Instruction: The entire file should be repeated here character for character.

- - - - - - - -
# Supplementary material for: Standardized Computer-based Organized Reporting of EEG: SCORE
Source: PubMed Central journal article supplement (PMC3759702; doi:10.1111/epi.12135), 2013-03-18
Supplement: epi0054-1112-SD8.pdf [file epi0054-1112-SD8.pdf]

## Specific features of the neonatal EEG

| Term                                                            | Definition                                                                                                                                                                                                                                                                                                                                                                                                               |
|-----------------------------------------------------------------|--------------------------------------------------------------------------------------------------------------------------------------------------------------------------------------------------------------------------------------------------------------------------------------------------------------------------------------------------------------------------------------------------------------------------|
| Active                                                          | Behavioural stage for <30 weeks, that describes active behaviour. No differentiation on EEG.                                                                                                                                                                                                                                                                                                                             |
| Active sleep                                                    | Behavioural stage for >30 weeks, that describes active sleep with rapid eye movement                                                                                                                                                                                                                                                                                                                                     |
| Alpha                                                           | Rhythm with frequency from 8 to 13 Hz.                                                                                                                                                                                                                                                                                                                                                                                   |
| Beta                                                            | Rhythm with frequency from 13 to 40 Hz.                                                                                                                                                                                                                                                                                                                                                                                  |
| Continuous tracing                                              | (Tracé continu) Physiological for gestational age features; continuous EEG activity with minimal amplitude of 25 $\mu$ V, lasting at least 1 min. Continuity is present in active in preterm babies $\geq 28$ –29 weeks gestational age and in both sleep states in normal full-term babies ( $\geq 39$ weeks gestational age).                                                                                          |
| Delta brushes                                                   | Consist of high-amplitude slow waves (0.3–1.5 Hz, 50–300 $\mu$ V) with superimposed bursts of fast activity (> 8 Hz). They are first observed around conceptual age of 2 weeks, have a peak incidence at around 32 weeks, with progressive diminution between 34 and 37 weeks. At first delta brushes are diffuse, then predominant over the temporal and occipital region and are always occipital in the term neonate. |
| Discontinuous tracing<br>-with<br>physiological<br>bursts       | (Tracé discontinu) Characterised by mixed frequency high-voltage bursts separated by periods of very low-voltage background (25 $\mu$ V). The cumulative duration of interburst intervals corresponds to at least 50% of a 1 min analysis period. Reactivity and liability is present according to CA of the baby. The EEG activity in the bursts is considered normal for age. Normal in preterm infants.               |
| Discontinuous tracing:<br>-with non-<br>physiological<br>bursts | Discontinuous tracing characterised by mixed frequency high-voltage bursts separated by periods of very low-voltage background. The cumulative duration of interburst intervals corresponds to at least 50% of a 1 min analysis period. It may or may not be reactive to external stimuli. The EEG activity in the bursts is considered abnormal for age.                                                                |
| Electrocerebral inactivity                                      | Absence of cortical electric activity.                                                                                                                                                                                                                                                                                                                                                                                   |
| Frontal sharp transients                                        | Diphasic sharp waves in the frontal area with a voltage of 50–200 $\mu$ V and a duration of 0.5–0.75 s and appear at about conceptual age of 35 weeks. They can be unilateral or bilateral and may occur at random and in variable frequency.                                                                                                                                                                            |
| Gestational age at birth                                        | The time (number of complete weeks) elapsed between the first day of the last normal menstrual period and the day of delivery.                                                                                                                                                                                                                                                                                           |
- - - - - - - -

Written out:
# Supplementary material for: Standardized Computer-based Organized Reporting of EEG: SCORE
Source: PubMed Central journal article supplement (PMC3759702; doi:10.1111/epi.12135), 2013-03-18
Supplement: epi0054-1112-SD8.pdf [file epi0054-1112-SD8.pdf]

## Specific features of the neonatal EEG

| Term                                                            | Definition                                                                                                                                                                                                                                                                                                                                                                                                               |
|-----------------------------------------------------------------|--------------------------------------------------------------------------------------------------------------------------------------------------------------------------------------------------------------------------------------------------------------------------------------------------------------------------------------------------------------------------------------------------------------------------|
| Active                                                          | Behavioural stage for <30 weeks, that describes active behaviour. No differentiation on EEG.                                                                                                                                                                                                                                                                                                                             |
| Active sleep                                                    | Behavioural stage for >30 weeks, that describes active sleep with rapid eye movement                                                                                                                                                                                                                                                                                                                                     |
| Alpha                                                           | Rhythm with frequency from 8 to 13 Hz.                                                                                                                                                                                                                                                                                                                                                                                   |
| Beta                                                            | Rhythm with frequency from 13 to 40 Hz.                                                                                                                                                                                                                                                                                                                                                                                  |
| Continuous tracing                                              | (Tracé continu) Physiological for gestational age features; continuous EEG activity with minimal amplitude of 25 $\mu$ V, lasting at least 1 min. Continuity is present in active in preterm babies $\geq 28$ –29 weeks gestational age and in both sleep states in normal full-term babies ( $\geq 39$ weeks gestational age).                                                                                          |
| Delta brushes                                                   | Consist of high-amplitude slow waves (0.3–1.5 Hz, 50–300 $\mu$ V) with superimposed bursts of fast activity (> 8 Hz). They are first observed around conceptual age of 2 weeks, have a peak incidence at around 32 weeks, with progressive diminution between 34 and 37 weeks. At first delta brushes are diffuse, then predominant over the temporal and occipital region and are always occipital in the term neonate. |
| Discontinuous tracing<br>-with<br>physiological<br>bursts       | (Tracé discontinu) Characterised by mixed frequency high-voltage bursts separated by periods of very low-voltage background (25 $\mu$ V). The cumulative duration of interburst intervals corresponds to at least 50% of a 1 min analysis period. Reactivity and liability is present according to CA of the baby. The EEG activity in the bursts is considered normal for age. Normal in preterm infants.               |
| Discontinuous tracing:<br>-with non-<br>physiological<br>bursts | Discontinuous tracing characterised by mixed frequency high-voltage bursts separated by periods of very low-voltage background. The cumulative duration of interburst intervals corresponds to at least 50% of a 1 min analysis period. It may or may not be reactive to external stimuli. The EEG activity in the bursts is considered abnormal for age.                                                                |
| Electrocerebral inactivity                                      | Absence of cortical electric activity.                                                                                                                                                                                                                                                                                                                                                                                   |
| Frontal sharp transients                                        | Diphasic sharp waves in the frontal area with a voltage of 50–200 $\mu$ V and a duration of 0.5–0.75 s and appear at about conceptual age of 35 weeks. They can be unilateral or bilateral and may occur at random and in variable frequency.                                                                                                                                                                            |
| Gestational age at birth                                        | The time (number of complete weeks) elapsed between the first day of the last normal menstrual period and the day of delivery.                                                                                                                                                                                                                                                                                           |